We are trying get our CI/CD up and running and I was after some feedback on it.

We are using VSTS and building c# api + JavaScript applications.

We want to use VSTS build and Release management. The release management uses the idea of 'promotion' of the same build through the various environments.

Our process

  1. We tend to use feature branches, which are then merged back into develop when good enough. Then our CI, picks up changes to the develop branch, triggers a build and the created artifacts are used for release.
  2. The build happens on our premises build server, using a build agent looking at VSTS.
  3. It is tested etc as it gets promoted through the environments, assuming tests etc pass.
  4. Then when it was final approved to make it to production (by approval), we want it to update source control by merging into master + tag with the version that was deployed to production. So this means that the git merge is handled by a step late on in the release management.

Firstly, is this a decent setup for our start to CI/CD? Any suggestions to improve it? In particular the way the source control part is, but we want to make any aspect of it better.

Should we be merging to master earlier, and then only building our CI/CD from that? And use tags or something to denote releases which made it to production?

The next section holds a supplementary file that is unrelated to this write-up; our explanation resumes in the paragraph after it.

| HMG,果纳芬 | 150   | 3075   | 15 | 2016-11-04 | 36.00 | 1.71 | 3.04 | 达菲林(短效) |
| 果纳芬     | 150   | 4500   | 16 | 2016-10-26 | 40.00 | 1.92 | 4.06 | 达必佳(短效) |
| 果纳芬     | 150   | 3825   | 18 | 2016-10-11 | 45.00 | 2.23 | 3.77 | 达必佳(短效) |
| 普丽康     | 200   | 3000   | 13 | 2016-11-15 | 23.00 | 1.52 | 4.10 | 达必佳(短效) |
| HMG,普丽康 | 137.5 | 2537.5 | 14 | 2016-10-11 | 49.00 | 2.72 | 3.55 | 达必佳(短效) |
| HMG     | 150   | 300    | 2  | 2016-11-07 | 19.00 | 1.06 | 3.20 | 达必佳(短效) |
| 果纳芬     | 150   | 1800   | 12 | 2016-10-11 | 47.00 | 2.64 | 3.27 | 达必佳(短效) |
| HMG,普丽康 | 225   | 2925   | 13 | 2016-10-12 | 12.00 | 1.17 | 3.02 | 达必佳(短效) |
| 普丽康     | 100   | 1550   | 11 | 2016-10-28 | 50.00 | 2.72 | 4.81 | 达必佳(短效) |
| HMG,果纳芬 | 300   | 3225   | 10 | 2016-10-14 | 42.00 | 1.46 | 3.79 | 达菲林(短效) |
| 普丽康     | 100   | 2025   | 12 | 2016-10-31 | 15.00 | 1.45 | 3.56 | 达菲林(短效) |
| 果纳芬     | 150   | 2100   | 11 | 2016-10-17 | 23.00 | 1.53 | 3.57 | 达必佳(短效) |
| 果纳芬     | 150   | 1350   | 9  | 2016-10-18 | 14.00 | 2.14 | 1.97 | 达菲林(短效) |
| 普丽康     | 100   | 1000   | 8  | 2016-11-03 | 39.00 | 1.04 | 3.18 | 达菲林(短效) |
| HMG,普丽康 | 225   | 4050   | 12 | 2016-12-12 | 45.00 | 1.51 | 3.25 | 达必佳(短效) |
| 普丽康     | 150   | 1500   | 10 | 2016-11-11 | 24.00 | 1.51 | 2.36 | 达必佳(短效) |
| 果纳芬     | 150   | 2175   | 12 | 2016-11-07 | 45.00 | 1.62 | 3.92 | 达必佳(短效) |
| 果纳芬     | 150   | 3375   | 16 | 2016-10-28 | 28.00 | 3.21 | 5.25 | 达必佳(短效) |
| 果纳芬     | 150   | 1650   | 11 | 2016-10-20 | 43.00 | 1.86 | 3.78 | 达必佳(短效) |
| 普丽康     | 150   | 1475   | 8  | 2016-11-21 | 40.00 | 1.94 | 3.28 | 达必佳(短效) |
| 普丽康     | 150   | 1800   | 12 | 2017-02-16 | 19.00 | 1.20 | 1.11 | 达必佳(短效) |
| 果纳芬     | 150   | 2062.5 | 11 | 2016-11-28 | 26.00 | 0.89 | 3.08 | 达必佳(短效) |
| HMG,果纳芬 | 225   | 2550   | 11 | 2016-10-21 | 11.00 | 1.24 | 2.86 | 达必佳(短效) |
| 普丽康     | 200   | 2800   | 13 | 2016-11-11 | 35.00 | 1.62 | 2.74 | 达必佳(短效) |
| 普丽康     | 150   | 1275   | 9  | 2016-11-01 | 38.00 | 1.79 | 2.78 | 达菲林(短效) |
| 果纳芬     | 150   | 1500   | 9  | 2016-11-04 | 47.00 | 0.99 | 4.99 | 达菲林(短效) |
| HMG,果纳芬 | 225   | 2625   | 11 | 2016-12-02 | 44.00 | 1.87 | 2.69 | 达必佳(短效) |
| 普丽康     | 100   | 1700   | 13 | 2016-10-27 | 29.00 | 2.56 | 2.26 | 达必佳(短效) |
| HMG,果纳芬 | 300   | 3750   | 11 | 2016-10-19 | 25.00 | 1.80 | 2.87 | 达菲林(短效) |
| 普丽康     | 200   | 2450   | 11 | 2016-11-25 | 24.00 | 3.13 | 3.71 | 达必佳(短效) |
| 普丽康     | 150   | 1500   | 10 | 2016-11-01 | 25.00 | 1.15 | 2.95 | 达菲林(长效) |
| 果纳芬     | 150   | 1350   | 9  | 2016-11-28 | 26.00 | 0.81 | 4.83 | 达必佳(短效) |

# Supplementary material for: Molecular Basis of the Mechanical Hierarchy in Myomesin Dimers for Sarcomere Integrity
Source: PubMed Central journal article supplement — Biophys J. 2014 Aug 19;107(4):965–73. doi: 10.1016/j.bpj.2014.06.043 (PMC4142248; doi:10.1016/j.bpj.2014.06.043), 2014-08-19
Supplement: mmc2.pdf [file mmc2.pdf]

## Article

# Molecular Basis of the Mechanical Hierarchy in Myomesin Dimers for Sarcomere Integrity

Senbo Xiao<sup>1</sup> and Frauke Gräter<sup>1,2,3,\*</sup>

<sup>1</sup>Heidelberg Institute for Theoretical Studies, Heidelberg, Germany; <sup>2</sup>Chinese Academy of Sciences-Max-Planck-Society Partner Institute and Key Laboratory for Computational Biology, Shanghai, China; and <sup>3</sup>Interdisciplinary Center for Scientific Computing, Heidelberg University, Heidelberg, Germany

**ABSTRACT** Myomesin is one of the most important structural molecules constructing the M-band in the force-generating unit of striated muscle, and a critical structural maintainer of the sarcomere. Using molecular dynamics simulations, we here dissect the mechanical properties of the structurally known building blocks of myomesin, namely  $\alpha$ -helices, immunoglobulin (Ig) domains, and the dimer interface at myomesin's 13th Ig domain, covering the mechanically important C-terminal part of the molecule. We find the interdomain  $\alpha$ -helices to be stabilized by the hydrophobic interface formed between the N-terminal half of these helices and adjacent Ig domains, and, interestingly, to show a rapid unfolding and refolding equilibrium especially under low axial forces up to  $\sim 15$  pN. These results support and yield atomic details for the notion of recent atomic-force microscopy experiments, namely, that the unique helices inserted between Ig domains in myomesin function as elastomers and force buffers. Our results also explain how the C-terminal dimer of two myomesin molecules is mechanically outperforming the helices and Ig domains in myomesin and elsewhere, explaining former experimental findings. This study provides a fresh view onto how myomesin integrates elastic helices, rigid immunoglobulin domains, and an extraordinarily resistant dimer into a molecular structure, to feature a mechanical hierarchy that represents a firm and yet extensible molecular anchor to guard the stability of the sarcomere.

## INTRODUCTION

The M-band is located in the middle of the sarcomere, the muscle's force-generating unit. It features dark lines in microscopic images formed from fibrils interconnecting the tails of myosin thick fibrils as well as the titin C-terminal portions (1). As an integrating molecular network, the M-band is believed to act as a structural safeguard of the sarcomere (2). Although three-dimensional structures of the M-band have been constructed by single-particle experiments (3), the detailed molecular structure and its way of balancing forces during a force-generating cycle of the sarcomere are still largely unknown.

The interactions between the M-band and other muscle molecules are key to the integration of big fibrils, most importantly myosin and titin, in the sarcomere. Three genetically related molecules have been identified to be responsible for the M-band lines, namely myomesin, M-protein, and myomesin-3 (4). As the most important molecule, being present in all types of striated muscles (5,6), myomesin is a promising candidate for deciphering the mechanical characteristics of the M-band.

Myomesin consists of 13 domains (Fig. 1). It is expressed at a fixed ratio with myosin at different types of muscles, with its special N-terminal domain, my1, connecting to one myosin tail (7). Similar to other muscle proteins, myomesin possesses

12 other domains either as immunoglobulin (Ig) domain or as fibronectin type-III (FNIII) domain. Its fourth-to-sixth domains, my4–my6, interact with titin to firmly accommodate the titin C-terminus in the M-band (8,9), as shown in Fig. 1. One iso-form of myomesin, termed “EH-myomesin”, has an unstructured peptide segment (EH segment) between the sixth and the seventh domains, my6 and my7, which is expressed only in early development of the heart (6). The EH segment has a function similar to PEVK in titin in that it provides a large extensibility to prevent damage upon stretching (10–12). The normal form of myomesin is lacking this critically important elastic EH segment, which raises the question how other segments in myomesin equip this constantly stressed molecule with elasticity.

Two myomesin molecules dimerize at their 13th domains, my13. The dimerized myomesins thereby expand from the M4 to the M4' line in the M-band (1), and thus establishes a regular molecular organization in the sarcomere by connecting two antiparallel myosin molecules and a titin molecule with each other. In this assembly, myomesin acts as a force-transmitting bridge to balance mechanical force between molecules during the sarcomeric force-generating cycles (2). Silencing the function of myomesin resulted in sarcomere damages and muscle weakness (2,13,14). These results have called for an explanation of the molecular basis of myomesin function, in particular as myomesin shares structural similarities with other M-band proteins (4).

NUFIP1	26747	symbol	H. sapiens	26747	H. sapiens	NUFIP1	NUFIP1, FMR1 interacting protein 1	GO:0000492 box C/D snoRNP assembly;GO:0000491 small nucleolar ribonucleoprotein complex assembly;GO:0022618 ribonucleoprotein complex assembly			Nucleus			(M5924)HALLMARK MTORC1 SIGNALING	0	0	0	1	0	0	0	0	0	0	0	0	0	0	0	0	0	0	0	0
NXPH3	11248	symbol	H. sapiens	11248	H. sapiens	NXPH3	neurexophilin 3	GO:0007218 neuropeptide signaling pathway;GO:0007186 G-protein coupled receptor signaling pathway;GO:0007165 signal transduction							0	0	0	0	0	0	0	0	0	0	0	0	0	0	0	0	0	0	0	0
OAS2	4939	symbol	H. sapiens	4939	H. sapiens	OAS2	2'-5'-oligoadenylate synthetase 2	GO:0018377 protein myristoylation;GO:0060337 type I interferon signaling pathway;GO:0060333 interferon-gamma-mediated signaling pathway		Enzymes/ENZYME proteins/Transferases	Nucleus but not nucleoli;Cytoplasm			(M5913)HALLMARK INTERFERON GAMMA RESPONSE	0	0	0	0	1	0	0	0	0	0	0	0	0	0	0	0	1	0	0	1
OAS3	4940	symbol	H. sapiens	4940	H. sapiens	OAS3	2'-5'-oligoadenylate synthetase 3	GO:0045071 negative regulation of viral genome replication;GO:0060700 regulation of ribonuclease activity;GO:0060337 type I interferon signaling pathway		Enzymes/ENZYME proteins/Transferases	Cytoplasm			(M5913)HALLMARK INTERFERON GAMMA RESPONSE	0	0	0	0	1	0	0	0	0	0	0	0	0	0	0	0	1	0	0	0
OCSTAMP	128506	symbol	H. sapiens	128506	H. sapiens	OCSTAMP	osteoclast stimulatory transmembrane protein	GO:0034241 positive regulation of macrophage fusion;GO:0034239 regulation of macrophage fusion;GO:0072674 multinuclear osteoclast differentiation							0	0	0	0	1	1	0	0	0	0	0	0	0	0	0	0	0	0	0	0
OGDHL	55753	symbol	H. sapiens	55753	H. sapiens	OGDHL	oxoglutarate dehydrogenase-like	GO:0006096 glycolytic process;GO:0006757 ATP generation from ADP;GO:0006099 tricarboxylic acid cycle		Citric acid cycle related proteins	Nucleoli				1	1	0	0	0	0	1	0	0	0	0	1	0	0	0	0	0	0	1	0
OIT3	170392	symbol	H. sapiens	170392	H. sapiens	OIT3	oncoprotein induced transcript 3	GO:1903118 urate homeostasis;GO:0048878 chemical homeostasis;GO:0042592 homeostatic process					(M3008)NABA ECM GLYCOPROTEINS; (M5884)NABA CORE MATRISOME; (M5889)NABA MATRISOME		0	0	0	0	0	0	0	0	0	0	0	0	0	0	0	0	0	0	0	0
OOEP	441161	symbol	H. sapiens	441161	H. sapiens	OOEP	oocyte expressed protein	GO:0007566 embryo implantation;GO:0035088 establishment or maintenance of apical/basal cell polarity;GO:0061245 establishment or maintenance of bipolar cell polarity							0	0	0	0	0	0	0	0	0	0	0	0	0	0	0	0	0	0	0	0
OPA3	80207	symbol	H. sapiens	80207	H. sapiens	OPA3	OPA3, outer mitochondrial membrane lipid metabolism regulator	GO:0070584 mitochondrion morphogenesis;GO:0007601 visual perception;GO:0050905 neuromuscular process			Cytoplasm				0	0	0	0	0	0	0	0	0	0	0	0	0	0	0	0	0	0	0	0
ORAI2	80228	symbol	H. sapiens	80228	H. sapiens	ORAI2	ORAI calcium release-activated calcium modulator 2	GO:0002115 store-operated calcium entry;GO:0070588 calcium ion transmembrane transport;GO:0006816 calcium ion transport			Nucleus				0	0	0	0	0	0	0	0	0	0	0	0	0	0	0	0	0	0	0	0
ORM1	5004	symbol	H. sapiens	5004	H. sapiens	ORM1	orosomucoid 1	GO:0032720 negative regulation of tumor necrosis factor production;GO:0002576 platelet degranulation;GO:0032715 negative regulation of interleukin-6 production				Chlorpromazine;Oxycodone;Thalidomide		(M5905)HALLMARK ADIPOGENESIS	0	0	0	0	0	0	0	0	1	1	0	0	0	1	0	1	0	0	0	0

Note: Couldn't find a tag for VSTS.

  • If you're using Git, there's little sense in maintaining a dev and master branch. Tags are branches.
    – RubberDuck
    May 15, 2017 at 15:10
  • 1
    @RubberDuck: Are you not confusing Git and SVN? To my knowledge of Git, tags are just labels that have been put on a particular commit. In SVN, tags are actually branches. May 16, 2017 at 6:38
  • @BartvanIngenSchenau in Git, branches are just labels too. Everything is a refspec.
    – RubberDuck
    May 16, 2017 at 9:40
  • In git branches are mobile labels. Tags are labels that tend to stay attached to the same thing permanently.
    – bdsl
    Jun 6, 2017 at 23:22

1 Answer 1


A prerequisite for continuous deployment / delivery is continuous integration - i.e. the whole team merging changes onto a single centralized branch multiple times per day. It looks like this is exactly what you are doing on the develop branch, so the thing that looks odd to me is what is the point of the master branch? The thing that it seems to be doing is:

  • keeping track of what's in production (which you can do with tags)
  • you can branch from master if you need to hotfix production (in git you can branch from any commit / tag)

What you have described of your deploy / test process looks good, so I'd just rename develop to master and delete master.

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